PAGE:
LSU was hoping for its 2016 season to be a riveting run at championship glory.
Instead, so far at least, the season has been a soap opera.
A series of events has now, just three weeks into the campaign, pushed the once-No. 5 Tigers into a place where they have no margin for error if they hope to remain relevant in the national championship picture.
It’s hard to comprehend how much the picture has changed for the Tigers since they flew to Green Bay two weeks ago for their season opener against Wisconsin. Since then, they lost that opener to the Badgers, a double-digit underdog, and lost Heisman Trophy-contending tailback Leonard Fournette for last week’s Jacksonville State game to an ankle injury that had lingered since preseason camp.
Worst of all, starting quarterback Brandon Harris suffered a crisis of confidence that mushroomed with a rally-killing interception at the end of the Wisconsin game. With Harris and the offense still stuck in an ineffective funk last week against the FCS-level Gamecocks, LSU coach Les Miles didn’t hesitate, turning to backup Danny Etling to stave off the prospect of an unthinkable 0-2 start.
Etling responded with a promising, if not overwhelming, performance that led the Tigers to a relatively comfortable 34-13 victory, good enough to spark speculation as to whether he might have helped rescue LSU in the Wisconsin game had he played. But one week later, with improving Mississippi State coming to town for a 6 p.m. Southeastern Conference showdown Saturday at Tiger Stadium, the butterflies in the stomachs of the Tigers and their fans have yet to find a place to roost.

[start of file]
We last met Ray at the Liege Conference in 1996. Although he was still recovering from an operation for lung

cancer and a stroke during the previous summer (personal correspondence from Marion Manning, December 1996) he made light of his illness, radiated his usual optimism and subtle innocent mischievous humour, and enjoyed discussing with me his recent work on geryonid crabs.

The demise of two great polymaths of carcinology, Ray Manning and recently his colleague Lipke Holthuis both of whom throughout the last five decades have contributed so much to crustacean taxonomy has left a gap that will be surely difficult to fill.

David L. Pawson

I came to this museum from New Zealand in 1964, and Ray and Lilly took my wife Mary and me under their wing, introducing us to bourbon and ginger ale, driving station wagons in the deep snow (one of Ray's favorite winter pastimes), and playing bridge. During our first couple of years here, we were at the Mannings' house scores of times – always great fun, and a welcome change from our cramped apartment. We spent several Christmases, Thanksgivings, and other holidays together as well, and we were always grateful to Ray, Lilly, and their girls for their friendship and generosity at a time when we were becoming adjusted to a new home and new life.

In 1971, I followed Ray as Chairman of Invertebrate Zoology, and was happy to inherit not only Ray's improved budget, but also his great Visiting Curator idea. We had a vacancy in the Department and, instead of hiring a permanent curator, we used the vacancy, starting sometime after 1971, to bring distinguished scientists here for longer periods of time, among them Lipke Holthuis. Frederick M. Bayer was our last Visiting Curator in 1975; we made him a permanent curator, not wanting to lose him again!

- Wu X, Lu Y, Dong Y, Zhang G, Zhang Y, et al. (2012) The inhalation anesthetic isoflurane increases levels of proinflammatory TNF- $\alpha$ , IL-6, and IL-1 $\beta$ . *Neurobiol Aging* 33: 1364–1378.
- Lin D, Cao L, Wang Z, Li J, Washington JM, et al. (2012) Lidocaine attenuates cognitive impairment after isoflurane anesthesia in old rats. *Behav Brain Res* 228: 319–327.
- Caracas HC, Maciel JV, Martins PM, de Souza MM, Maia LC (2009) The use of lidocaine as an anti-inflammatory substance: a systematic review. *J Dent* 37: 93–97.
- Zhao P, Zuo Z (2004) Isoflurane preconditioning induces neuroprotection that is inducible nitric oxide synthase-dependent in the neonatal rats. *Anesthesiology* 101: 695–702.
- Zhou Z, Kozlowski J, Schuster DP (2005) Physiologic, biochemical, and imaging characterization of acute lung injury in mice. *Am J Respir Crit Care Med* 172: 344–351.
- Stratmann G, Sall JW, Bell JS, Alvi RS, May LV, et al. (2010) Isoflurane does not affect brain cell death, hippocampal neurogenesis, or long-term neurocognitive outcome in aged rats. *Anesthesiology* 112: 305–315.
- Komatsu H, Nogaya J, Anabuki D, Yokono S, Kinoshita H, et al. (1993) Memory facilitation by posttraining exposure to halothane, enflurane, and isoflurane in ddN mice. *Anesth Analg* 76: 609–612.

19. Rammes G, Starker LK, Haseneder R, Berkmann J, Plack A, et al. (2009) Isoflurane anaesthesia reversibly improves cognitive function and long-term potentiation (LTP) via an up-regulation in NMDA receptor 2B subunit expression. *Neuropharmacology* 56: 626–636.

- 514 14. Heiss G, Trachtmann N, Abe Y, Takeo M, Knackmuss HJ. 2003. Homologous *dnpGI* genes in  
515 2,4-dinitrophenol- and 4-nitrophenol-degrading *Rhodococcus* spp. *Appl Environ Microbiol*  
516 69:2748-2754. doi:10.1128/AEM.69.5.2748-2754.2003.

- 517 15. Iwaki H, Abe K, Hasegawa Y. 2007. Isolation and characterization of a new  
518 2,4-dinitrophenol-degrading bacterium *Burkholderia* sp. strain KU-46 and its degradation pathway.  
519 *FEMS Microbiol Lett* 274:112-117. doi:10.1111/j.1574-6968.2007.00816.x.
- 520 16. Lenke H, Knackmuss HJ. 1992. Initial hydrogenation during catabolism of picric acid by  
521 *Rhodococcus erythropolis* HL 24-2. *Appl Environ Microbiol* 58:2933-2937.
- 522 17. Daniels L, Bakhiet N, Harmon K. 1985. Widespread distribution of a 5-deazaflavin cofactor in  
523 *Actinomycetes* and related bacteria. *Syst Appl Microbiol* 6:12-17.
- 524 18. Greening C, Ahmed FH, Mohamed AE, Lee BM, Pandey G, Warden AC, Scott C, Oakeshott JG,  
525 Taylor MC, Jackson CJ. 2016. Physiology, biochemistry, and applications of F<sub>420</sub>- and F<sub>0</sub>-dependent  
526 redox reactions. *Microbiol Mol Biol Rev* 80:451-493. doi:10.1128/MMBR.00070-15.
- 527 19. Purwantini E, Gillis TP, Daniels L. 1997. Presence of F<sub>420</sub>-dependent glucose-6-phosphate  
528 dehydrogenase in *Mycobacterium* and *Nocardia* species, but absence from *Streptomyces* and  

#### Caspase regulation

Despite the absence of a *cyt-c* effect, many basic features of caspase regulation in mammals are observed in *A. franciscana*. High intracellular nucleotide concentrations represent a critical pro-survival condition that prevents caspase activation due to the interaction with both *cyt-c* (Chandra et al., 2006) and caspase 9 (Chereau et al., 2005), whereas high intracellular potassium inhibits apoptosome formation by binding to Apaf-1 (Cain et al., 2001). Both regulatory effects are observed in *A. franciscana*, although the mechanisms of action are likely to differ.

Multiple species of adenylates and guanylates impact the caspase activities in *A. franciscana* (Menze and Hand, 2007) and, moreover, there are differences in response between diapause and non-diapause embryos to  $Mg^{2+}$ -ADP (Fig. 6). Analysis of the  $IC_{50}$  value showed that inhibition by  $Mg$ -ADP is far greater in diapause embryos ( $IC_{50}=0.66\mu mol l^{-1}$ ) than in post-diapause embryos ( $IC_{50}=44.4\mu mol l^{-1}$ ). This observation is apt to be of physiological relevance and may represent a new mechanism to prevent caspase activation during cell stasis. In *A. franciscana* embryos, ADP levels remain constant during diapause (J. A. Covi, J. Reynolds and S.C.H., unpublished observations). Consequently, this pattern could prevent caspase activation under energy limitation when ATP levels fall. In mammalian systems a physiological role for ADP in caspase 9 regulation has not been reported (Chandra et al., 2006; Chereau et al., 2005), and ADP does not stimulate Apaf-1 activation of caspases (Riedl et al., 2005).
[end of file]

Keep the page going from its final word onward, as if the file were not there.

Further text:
“I spend part of my time as a Hollywood producer,” said ESPN college football analyst Ed Cunningham, who will help call Saturday night’s game on ESPN2. “If you wanted to write a story that would make LSU fans squirm, you’d lose to Wisconsin, lose Fournette (for a game) and make a quarterback change against an inferior opponent.”
Miles said Fournette would be back as good as ever for this game, refreshed and re-energized, although there’s always the worry with ankles that the injury will linger or flare up again. But as great a force as a full-strength Fournette is, there is first-hand evidence from last season’s November swoon from No. 2 in the first CFP rankings that not even his considerable powers are enough to ensure the crucial victories the Tigers will need to get in that all-important CFP “final four” come December. Fournette got pretty bottled up in consecutive losses to Alabama, Arkansas and Ole Miss, in large part because those opponents stuffed the run and had little to fear from LSU’s passing game.
That losing streak, which nearly got Miles fired, is a fire that has never completely been extinguished. This week, ESPN ranked Miles’ seat as the hottest in all of college football.
“Everyone has to be concerned about this football program,” the SEC Network’s Paul Finebaum said this week. “You don’t know where Leonard Fournette is (although) you expect him to be OK. Mississippi State’s manageable, but LSU goes on the road the next week to (Auburn's) Jordan-Hare Stadium, and I really think their season hangs in the balance.”
Though tensions run high in Tigertown, LSU still has its fate in its hands. Last season’s national champion is proof of that. Before 2015 began, Alabama had to sift through a host of quarterbacks before settling on Jake Coker. Then the Crimson Tide dropped a sloppy 43-37 decision to Ole Miss in Week 3.
The loss pushed Alabama onto the high wire without a net, but the preseason galvanized the Tide instead of breaking it apart. Bama ran off 12 straight wins after that lone defeat to claim the championship.
A similar path seems a tall order for the Tigers, but it’s not the impossible. No one questions LSU’s talent. The question is its ability to get the offense squared away — quickly — for its defense to fully grasp Dave Aranda’s new scheme and for special teams to go from a drag on the Tigers’ winning hopes to an asset. Even though it was in a game with an FCS-level opponent, LSU showed improvement in all three phases. Enough to bolster optimism for what is to come.
“I still think LSU has a chance to change the narrative,” Finebaum said. “But they don’t have much time.”
He’s right, of course. What’s the running time on a soap opera these days, anyway?